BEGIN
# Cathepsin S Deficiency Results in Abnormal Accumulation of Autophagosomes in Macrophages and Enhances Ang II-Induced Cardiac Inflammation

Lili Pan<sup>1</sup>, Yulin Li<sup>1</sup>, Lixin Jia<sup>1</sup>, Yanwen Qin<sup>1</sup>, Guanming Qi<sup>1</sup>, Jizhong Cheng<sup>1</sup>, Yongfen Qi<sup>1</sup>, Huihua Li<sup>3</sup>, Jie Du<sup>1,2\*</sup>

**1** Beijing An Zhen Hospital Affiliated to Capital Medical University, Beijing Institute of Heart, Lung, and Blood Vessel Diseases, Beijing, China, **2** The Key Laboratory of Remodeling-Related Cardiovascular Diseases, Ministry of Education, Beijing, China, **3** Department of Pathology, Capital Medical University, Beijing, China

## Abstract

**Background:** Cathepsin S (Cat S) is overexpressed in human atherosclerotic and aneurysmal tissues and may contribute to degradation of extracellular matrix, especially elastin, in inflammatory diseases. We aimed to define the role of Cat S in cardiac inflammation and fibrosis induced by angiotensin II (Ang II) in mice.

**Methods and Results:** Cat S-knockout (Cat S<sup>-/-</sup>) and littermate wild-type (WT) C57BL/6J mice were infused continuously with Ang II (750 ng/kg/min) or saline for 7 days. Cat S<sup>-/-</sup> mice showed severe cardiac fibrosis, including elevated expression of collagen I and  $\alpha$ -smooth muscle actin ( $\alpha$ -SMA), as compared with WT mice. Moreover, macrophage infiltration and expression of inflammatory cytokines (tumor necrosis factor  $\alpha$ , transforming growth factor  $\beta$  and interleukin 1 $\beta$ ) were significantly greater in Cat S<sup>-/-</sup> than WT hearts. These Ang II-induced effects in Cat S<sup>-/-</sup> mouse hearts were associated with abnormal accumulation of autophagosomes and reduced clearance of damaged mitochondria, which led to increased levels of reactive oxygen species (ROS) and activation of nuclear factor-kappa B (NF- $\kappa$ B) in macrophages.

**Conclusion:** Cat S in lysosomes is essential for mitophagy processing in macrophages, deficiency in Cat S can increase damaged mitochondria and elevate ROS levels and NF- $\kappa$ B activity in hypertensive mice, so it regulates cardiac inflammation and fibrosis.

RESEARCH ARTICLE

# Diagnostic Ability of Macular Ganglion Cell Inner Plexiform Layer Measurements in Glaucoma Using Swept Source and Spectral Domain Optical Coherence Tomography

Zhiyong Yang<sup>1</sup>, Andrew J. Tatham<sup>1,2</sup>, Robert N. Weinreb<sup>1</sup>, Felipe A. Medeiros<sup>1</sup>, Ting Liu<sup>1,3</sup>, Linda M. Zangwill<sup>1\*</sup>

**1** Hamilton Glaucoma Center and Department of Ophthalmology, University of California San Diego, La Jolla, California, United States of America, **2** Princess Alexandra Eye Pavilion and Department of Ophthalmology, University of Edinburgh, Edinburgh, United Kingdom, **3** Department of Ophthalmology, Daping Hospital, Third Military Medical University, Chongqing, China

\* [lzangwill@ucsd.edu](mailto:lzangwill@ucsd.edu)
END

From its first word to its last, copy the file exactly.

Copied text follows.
# Cathepsin S Deficiency Results in Abnormal Accumulation of Autophagosomes in Macrophages and Enhances Ang II-Induced Cardiac Inflammation

Lili Pan<sup>1</sup>, Yulin Li<sup>1</sup>, Lixin Jia<sup>1</sup>, Yanwen Qin<sup>1</sup>, Guanming Qi<sup>1</sup>, Jizhong Cheng<sup>1</sup>, Yongfen Qi<sup>1</sup>, Huihua Li<sup>3</sup>, Jie Du<sup>1,2\*</sup>

**1** Beijing An Zhen Hospital Affiliated to Capital Medical University, Beijing Institute of Heart, Lung, and Blood Vessel Diseases, Beijing, China, **2** The Key Laboratory of Remodeling-Related Cardiovascular Diseases, Ministry of Education, Beijing, China, **3** Department of Pathology, Capital Medical University, Beijing, China

## Abstract

**Background:** Cathepsin S (Cat S) is overexpressed in human atherosclerotic and aneurysmal tissues and may contribute to degradation of extracellular matrix, especially elastin, in inflammatory diseases. We aimed to define the role of Cat S in cardiac inflammation and fibrosis induced by angiotensin II (Ang II) in mice.

**Methods and Results:** Cat S-knockout (Cat S<sup>-/-</sup>) and littermate wild-type (WT) C57BL/6J mice were infused continuously with Ang II (750 ng/kg/min) or saline for 7 days. Cat S<sup>-/-</sup> mice showed severe cardiac fibrosis, including elevated expression of collagen I and  $\alpha$ -smooth muscle actin ( $\alpha$ -SMA), as compared with WT mice. Moreover, macrophage infiltration and expression of inflammatory cytokines (tumor necrosis factor  $\alpha$ , transforming growth factor  $\beta$  and interleukin 1 $\beta$ ) were significantly greater in Cat S<sup>-/-</sup> than WT hearts. These Ang II-induced effects in Cat S<sup>-/-</sup> mouse hearts were associated with abnormal accumulation of autophagosomes and reduced clearance of damaged mitochondria, which led to increased levels of reactive oxygen species (ROS) and activation of nuclear factor-kappa B (NF- $\kappa$ B) in macrophages.

**Conclusion:** Cat S in lysosomes is essential for mitophagy processing in macrophages, deficiency in Cat S can increase damaged mitochondria and elevate ROS levels and NF- $\kappa$ B activity in hypertensive mice, so it regulates cardiac inflammation and fibrosis.

RESEARCH ARTICLE

# Diagnostic Ability of Macular Ganglion Cell Inner Plexiform Layer Measurements in Glaucoma Using Swept Source and Spectral Domain Optical Coherence Tomography

Zhiyong Yang<sup>1</sup>, Andrew J. Tatham<sup>1,2</sup>, Robert N. Weinreb<sup>1</sup>, Felipe A. Medeiros<sup>1</sup>, Ting Liu<sup>1,3</sup>, Linda M. Zangwill<sup>1\*</sup>

**1** Hamilton Glaucoma Center and Department of Ophthalmology, University of California San Diego, La Jolla, California, United States of America, **2** Princess Alexandra Eye Pavilion and Department of Ophthalmology, University of Edinburgh, Edinburgh, United Kingdom, **3** Department of Ophthalmology, Daping Hospital, Third Military Medical University, Chongqing, China

\* [lzangwill@ucsd.edu](mailto:lzangwill@ucsd.edu)